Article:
Cynthia Coffman raised a pittance for re-election as Colorado’s attorney general. Now we know why — she plans to run for governor instead.
In an early morning announcement, Coffman joined a crowded Republican primary slate, along with a cramped race overall. Coffman’s entry makes nine Republicans candidates vying for the governor’s mansion. There are still more on the fence, a handful of Democrats and the assorted grab bag of unaffiliated and third-party candidates.
In a statement, Coffman said one of her priorities is managing Colorado’s continued growth, while shoring up rural communities.
“We are proud that the Front Range is growing, but the hardworking Coloradans in our rural and frontier communities cannot be left behind,” the statement said. “I’m running to be governor of all four corners of our diverse state.”
She also promised to work across party lines to address aging infrastructure and improve access to health care.
The most recent entry into the race — before Coffman — was former U.S. Rep. Tom Tancredo, who entered the race after taking Republicans to task over the cancellation of a conference hosted by a white nationalist organization called the VDARE Foundation. Tancredo was scheduled to speak, and had sat on the board of directors for the organization until recently.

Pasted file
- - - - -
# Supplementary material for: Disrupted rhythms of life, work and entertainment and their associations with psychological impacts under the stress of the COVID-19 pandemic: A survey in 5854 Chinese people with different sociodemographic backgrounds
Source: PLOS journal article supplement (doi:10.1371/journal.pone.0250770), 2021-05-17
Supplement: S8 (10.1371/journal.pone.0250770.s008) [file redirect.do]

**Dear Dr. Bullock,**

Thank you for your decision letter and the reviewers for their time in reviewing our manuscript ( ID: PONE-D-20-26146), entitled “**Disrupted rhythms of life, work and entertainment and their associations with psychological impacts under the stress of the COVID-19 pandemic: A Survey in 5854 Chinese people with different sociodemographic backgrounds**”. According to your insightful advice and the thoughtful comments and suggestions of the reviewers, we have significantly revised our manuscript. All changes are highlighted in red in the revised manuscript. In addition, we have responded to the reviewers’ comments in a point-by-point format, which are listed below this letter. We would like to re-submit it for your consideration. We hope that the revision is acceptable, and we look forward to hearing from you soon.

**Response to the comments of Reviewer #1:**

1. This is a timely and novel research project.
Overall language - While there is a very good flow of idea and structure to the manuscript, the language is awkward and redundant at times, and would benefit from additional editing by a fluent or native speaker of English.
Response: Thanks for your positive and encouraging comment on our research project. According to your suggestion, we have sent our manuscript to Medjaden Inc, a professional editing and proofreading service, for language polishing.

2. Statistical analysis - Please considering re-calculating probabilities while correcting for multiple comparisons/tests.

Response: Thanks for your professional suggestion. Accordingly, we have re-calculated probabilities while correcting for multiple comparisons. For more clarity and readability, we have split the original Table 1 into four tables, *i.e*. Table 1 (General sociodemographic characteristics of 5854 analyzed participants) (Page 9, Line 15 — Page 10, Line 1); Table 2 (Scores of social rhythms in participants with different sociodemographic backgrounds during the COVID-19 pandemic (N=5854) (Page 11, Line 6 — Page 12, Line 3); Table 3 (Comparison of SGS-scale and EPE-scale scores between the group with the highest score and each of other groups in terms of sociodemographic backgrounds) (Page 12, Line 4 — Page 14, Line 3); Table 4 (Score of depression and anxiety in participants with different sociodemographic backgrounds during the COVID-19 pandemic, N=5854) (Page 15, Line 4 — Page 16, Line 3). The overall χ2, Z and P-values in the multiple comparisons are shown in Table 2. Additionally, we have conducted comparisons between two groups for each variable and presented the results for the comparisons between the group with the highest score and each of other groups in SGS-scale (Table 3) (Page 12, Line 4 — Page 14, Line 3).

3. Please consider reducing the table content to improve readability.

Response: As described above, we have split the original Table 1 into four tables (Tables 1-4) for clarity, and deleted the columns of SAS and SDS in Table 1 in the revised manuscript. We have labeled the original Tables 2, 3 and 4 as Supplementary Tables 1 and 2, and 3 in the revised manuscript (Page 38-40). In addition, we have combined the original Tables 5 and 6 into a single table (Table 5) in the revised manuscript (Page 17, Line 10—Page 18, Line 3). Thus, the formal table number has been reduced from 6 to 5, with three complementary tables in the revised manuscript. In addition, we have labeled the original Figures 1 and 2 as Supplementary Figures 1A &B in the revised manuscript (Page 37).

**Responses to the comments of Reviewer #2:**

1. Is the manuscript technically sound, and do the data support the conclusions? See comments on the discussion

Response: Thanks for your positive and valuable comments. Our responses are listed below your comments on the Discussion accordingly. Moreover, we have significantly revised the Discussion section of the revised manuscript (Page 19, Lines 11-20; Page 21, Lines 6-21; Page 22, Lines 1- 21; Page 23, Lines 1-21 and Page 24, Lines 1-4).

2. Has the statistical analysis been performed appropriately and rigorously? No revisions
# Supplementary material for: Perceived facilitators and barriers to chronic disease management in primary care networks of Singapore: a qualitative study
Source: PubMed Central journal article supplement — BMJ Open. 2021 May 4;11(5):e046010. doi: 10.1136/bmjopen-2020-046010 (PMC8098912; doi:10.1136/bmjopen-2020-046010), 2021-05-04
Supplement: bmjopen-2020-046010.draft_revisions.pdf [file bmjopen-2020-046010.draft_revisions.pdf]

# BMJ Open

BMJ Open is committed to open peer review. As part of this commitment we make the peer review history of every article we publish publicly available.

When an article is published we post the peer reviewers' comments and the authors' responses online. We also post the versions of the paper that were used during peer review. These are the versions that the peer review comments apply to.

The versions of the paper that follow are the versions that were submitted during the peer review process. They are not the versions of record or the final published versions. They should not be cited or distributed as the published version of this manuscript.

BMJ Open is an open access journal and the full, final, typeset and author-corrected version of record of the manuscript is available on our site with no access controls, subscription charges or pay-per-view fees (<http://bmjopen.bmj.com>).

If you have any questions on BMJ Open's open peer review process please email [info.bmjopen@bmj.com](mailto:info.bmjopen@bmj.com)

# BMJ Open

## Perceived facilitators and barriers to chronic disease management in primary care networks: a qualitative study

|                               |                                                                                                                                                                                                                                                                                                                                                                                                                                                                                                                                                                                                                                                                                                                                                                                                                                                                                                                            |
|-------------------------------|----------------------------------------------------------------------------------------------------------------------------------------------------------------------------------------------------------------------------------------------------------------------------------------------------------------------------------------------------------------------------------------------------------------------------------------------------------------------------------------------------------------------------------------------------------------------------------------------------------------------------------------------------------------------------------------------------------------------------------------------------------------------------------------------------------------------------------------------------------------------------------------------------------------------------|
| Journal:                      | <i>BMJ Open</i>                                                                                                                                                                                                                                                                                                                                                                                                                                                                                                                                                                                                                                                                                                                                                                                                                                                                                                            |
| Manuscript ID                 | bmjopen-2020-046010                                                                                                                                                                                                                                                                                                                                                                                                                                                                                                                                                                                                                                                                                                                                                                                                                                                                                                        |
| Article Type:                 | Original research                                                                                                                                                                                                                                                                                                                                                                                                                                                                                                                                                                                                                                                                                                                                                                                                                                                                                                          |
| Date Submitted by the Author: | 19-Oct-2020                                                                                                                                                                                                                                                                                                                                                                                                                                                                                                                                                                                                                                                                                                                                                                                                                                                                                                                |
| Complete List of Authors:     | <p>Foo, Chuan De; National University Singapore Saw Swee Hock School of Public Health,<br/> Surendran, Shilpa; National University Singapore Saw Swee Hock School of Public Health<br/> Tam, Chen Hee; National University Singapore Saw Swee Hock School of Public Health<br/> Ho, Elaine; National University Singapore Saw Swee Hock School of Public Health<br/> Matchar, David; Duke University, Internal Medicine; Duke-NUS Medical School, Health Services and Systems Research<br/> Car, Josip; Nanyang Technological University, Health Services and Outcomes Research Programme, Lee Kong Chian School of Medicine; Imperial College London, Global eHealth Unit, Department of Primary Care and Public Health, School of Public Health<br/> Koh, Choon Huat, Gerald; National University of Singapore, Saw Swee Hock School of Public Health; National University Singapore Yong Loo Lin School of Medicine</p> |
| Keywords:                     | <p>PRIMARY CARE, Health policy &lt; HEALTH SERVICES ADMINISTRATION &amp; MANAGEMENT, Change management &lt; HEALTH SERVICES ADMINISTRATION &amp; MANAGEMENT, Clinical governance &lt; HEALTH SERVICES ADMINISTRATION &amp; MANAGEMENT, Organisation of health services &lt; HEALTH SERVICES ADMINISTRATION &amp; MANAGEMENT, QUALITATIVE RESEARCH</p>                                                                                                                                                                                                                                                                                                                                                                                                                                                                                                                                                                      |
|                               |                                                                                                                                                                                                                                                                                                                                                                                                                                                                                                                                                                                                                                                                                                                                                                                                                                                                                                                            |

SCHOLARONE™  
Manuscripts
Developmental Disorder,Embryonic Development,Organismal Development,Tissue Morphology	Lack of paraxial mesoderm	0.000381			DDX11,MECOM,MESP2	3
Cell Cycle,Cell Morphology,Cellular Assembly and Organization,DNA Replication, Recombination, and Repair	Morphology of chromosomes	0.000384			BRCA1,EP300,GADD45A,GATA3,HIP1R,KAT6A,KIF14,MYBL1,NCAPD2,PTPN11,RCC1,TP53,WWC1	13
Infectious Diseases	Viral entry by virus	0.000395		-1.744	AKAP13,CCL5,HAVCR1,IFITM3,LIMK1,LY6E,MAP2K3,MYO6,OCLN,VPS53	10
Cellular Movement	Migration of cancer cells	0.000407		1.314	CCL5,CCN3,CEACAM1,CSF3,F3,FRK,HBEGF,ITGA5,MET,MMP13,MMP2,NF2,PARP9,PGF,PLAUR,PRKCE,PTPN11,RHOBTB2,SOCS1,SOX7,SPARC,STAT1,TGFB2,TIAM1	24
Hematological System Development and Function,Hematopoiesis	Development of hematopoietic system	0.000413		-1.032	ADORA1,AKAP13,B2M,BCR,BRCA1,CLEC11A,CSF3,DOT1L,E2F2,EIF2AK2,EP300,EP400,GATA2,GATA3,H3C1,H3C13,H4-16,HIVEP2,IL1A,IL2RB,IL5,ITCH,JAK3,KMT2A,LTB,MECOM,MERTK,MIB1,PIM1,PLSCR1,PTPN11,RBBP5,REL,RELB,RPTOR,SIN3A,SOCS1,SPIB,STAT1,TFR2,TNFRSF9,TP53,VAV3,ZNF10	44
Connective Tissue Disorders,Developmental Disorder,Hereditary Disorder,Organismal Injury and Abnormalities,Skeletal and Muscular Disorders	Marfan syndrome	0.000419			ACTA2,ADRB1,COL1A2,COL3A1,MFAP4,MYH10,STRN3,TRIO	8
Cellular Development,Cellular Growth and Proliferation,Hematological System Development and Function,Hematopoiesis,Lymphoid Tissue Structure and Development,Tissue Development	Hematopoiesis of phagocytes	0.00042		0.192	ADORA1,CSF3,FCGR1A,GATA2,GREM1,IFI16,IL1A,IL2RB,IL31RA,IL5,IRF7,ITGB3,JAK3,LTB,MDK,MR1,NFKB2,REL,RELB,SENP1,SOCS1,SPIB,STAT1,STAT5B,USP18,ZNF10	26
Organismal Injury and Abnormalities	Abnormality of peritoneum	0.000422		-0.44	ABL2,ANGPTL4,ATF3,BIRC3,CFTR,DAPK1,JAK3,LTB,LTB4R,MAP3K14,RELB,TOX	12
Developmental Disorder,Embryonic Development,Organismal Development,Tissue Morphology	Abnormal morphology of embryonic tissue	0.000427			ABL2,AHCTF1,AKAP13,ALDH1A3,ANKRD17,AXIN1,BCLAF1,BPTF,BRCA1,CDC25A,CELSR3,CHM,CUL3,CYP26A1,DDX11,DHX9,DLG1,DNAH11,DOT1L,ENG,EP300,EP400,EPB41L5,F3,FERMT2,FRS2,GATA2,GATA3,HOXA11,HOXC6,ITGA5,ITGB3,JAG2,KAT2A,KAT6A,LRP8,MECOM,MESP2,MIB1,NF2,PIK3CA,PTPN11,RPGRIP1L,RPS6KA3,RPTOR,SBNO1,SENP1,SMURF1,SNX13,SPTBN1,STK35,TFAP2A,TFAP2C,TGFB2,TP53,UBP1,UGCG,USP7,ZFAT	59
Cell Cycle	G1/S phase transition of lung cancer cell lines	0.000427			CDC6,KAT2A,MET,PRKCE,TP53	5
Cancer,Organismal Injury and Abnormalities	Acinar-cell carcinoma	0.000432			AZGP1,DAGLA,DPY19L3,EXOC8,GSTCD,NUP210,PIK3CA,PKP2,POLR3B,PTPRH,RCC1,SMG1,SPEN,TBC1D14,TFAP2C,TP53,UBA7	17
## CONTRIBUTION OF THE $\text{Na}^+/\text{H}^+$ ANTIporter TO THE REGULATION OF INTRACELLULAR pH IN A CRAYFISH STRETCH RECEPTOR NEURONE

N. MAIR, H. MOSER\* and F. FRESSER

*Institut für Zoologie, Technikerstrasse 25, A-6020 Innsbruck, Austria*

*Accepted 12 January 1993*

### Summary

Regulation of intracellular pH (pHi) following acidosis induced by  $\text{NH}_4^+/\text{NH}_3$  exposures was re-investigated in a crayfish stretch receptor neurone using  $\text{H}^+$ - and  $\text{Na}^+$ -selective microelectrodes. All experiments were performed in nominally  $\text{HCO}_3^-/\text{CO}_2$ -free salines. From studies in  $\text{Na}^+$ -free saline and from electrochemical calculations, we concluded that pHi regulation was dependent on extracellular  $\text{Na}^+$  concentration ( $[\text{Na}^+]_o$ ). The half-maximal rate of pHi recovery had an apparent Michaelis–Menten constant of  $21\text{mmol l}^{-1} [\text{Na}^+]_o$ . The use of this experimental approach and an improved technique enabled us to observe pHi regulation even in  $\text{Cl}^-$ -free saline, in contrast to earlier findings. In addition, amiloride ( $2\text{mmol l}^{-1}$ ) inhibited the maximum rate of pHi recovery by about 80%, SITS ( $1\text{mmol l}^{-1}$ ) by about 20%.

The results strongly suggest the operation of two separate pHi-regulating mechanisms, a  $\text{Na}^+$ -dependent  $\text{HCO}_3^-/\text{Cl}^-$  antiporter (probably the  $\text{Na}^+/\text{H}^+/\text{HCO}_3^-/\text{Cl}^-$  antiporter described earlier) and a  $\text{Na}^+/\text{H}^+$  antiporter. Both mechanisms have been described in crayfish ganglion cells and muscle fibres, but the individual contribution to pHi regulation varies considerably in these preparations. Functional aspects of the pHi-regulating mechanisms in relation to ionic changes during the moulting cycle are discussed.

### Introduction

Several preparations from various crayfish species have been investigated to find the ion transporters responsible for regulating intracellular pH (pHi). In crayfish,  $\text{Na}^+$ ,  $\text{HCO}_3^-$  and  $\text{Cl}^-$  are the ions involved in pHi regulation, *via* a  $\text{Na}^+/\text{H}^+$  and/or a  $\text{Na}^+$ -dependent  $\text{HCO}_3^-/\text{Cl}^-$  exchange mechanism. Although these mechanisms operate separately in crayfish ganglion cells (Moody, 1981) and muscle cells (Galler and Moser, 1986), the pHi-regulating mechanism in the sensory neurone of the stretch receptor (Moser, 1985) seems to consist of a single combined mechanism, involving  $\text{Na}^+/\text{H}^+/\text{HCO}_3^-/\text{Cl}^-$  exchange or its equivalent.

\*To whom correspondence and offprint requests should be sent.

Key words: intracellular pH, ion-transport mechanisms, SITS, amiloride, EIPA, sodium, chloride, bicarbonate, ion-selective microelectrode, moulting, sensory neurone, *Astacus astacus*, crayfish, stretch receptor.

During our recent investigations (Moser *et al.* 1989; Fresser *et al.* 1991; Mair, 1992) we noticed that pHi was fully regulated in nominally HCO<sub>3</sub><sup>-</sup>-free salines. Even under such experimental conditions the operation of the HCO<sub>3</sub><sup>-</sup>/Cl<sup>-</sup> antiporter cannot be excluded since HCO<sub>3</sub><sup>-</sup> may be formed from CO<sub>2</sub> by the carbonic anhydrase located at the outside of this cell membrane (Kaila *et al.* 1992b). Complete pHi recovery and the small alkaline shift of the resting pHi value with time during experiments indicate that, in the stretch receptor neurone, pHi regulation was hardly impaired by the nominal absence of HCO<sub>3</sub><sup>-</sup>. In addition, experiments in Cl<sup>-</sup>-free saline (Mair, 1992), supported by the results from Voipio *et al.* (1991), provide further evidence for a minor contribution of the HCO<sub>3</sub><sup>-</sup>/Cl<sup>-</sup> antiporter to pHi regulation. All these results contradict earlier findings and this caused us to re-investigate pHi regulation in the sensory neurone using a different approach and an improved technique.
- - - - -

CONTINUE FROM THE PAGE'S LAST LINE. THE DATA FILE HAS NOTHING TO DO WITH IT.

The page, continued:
Elsewhere on the GOP side of the race, George Brauchler, district attorney for the 18th judicial district, lost a campaign manager. A ship without a captain, coupled with weak fundraising numbers, calls into question Brauchler’s future in the race.
Millionaire former state legislator Victor Mitchell started his campaign on the wrong foot with the state GOP this past summer. He said lawyers were “totally unqualified” to run for governor, a thinly veiled jab at Brauchler.
This is not to suggest that the GOP field is all drama, though. State Treasurer Walker Stapleton is leading the field with promising fundraising gains thanks to super PAC and big donor support. As Democrats swept local races in several states on Election Day, Stapleton was meeting with donors at the home of former Broncos coach Mike Shanahan, an early supporter.
Political novice Doug Robinson, a relative of 2012 GOP presidential candidate Mitt Romney, has also kept a comparatively low profile. The former investment banker recently won backing from a big money independent expenditure committee called Build Colorado’s Future.
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